WALDORF, Md. — House Majority Leader Steny Hoyer (D-Md.) ran into a tough crowd Tuesday night, as hundreds opposed to Democratic healthcare proposals booed, jeered and screamed at their congressman and one other.
Fifteen hundred people — the limit set by local authorities — filled the gymnasium of North Point High School during Hoyer’s first healthcare town hall meeting of the recess.
The crowd appeared divided between those supportive of Hoyer’s push for a health insurance overhaul and those ready to loudly voice their opposition.
The result was a volatile mix of anxious and edgy people, most of whom waited in line for up to three hours to enter the school after waiting a month for a chance to speak to their congressman.
Nerves were quickly worn raw after introductory remarks from the moderator, a 25-minute speech by Hoyer and individual introductions and remarks from five additional panelists that took up a total of 45 minutes.
Hoyer entered to a thunderous mix of applause and boos as competing interests fought to make their voices heard the loudest.
The crowd remained in relative order during Hoyer’s remarks, interrupting on only a few occasions with various boos and cheers in response to hot-button phrases such as “end of life care,” “illegal immigrants” and “public option.”
But, at the conclusion of Hoyer’s planned speech, when five panelists were introduced and asked to give their own remarks, the crowd turned on its congressman, erupting angrily at having to continue to wait for their chance to ask questions.
“We don’t want to hear this!,” a man’s voice rose above the crowd. “Get to the questions!”
A chant of “We want questions! We want questions!” soon broke out, despite pleas from the moderator to set a better example for the children in attendance.
Hoyer aides soon began scurrying about as, at a few points, it seemed like the organizers were about to lose control.
A brief scuffle in the rear of the gymnasium sent sheriff's deputies running up the bleachers to escort at least one person from the gymnasium.
As a trickle of people started to leave in apparent disgust, a woman in the front row began shouting back at the rowdy audience, calling them disrespectful.
The remarks of a small-business owner who addressed the crowd might as well have been elevator music as the crowd grew even more restless, and the catcalls grew louder, more frequent, and more colorful.
“Too much bulls--,” a man huffed while storming out.
The last two panelists abandoned plans to speak and question tickets were drawn randomly from a lottery.
More questions with supportive prefaces were asked than questions slanted against the leading healthcare reform bills, but the overwhelming majority of opinion-based inquiries only further incited the crowd.
April Burke, a constituent of Hoyer’s from Mechanicsville, Md., who drew the first question, recounted how her two children recently lost their jobs and health insurance. She asked why the federal government should provide healthcare when her state health insurance is adequate.
Saying the Democratic plan would prevent the exact situation Burke’s family is now facing, Hoyer said, “I really think this plan would give you, your son and your daughter more confidence.”
“No, sir, it really doesn’t,” Burke replied. “We want the government out of our business right now.”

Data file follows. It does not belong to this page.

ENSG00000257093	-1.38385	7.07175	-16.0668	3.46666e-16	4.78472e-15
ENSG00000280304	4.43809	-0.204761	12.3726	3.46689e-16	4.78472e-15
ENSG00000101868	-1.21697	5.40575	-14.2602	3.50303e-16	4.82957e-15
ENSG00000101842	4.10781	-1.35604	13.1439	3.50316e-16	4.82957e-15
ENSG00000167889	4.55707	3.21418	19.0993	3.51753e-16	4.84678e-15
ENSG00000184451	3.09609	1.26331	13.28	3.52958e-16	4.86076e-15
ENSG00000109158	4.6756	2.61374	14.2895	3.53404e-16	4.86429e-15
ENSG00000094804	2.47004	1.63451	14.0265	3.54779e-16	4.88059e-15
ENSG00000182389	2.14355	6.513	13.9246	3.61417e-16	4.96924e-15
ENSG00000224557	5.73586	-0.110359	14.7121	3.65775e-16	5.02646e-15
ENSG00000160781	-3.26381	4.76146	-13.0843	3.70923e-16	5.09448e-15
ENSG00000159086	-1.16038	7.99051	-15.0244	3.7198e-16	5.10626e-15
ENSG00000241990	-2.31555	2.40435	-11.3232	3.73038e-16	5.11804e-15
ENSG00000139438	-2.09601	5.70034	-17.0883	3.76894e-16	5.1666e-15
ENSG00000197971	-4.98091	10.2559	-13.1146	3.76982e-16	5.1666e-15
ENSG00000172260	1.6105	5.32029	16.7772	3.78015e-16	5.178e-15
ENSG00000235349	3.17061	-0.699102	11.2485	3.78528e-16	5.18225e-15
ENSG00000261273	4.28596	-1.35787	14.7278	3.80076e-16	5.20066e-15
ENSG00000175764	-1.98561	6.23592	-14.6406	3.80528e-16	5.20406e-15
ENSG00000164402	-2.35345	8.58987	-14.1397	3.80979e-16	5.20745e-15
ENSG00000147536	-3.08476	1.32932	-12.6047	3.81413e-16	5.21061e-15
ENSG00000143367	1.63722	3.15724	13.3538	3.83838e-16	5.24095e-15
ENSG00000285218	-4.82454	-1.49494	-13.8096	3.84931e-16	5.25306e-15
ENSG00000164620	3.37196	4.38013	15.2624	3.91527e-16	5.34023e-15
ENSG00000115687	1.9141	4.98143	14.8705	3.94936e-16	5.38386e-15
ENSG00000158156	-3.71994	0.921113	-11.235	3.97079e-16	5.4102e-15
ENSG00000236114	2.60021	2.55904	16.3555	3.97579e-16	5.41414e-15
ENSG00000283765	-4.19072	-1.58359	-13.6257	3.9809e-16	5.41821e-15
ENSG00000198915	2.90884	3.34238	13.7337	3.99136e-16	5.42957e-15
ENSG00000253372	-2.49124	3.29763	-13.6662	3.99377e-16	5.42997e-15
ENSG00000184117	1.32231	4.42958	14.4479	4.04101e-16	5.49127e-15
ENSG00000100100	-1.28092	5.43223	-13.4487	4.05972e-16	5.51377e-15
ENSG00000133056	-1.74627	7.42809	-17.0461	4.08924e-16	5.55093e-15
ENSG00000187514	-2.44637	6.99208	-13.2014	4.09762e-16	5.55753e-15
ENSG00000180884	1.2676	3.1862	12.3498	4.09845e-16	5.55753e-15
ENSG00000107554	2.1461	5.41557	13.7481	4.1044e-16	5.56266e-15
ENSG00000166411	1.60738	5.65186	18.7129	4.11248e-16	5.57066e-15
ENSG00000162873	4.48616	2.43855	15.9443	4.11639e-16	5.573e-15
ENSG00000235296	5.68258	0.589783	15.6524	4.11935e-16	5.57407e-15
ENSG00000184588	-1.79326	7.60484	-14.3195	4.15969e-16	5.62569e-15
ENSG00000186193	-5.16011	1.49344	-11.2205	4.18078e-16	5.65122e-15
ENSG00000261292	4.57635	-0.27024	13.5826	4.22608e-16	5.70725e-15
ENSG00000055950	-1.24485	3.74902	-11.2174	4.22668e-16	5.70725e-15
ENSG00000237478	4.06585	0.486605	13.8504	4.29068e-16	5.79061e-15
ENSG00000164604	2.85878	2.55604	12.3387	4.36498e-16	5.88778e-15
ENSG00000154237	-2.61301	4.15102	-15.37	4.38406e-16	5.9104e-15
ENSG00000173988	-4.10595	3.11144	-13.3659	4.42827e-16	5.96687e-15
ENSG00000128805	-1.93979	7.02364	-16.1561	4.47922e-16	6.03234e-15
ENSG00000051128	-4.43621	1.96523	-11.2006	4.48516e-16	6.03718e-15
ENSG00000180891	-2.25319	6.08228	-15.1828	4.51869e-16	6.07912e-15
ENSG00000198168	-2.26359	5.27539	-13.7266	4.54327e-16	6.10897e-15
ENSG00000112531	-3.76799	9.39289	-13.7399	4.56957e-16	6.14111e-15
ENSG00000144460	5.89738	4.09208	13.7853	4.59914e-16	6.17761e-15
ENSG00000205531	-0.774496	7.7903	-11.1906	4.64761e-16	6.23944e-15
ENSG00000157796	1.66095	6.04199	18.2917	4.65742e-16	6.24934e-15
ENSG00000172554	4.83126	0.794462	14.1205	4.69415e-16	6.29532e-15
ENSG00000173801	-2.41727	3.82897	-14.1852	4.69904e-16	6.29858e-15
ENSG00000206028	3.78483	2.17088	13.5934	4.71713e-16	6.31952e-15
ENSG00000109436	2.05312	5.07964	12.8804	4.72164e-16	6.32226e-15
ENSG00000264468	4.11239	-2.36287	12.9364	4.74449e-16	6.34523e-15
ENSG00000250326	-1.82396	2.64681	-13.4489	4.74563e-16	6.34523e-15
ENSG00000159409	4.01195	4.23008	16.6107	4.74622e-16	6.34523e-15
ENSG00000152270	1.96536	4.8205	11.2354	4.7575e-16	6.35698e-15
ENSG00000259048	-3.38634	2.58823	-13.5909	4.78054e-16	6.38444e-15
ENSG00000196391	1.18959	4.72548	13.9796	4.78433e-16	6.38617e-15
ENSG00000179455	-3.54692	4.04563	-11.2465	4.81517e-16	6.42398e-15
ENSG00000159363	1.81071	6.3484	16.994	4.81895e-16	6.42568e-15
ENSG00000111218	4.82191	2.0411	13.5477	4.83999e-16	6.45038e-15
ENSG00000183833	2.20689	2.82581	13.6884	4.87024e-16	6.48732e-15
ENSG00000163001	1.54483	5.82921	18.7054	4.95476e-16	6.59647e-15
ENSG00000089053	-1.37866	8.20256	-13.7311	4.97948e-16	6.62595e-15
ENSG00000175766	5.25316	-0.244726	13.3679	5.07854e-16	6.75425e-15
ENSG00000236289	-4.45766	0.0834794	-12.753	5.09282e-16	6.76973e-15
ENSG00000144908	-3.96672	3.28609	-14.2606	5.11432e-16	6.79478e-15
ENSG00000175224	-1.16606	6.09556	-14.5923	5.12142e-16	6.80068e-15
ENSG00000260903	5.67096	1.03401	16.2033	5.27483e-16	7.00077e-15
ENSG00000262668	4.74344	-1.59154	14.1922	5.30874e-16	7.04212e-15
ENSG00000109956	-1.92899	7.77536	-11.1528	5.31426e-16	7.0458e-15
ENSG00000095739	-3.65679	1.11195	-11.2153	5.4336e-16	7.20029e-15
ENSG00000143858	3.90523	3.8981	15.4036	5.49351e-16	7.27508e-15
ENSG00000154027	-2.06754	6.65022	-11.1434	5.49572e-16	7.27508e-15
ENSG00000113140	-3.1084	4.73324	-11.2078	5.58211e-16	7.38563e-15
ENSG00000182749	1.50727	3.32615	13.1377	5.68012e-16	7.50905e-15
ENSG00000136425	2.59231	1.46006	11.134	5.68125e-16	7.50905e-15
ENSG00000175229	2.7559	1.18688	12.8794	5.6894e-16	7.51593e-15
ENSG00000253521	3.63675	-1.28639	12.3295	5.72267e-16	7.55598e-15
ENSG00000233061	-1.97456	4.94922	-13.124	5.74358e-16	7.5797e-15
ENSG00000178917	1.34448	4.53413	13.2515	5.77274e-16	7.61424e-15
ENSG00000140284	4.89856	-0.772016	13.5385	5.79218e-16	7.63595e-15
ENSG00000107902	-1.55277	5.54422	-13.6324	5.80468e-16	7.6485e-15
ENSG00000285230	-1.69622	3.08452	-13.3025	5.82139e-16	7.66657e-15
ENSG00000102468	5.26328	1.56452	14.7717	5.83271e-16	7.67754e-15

Burke’s response drew a boisterous standing ovation similar to scenes at town halls across the country that have been shown on cable news broadcasts.
“I know many of you are mad because you think Congress or the president or someone wants to take over your healthcare,” Hoyer said. “But the status quo won’t work for us.”
Audience members voicing support for Hoyer struggled to outshout those most viscerally opposed to seemingly anything with the stamp of the Democratic Party on it.
“A woman earlier asked who’s going to keep the health insurance companies honest. I’m concerned who’s going to keep the government honest,” an unidentified man asked Hoyer, prompting a roar from the crowd fit for a championship basketball game, as people in the packed bleacher seats stomped their feet, amplifying the noise.
As time wore on, nothing Hoyer could say could calm the crowd.
After a few questions about the cost of the healthcare overhaul, Hoyer repeated emphatically his pledge not to vote for a healthcare bill that wasn’t paid for, a statement that only drew a mix of boos and laughter.
Hoyer’s last town hall meeting, also on healthcare, was in April and drew 250 people, only a few of whom were worked up about anything, his staff said.
Early in August, Hoyer was confronted by the Republican-aligned “Tea Party” protesters during a speech at a New York town hall hosted by Rep. Michael Arcuri (D).
Tuesday night was supposed to be smoother. For one, Hoyer was back on his home turf, albeit in a traditionally conservative area of the state. For another, the significant anger of so many Americans seemed to be subsiding somewhat, as rowdy town halls had given way to meetings that were simply uncomfortable for Democrats.
On top of that, the Maryland chapter of Health Care for America Now, had counted on filling 1,300 of the 1,500 seats with health reform supporters. Matthew Weinstein, the Maryland chapter director, said before the meeting began that he estimated a thousand supporters had showed up.
“Back in the beginning of the month, the opposition was really outnumbering us,” Weinstein said. “That inspired the backlash from the silent majority of Americans who’ve been for healthcare all along.”
After the meeting, he insisted the majority supporting healthcare outnumbered those opposed to reform.
“This is about what I expected,” Weinstein said as the meeting wrapped up shortly after 9 p.m. “The opponents are a very vocal minority.”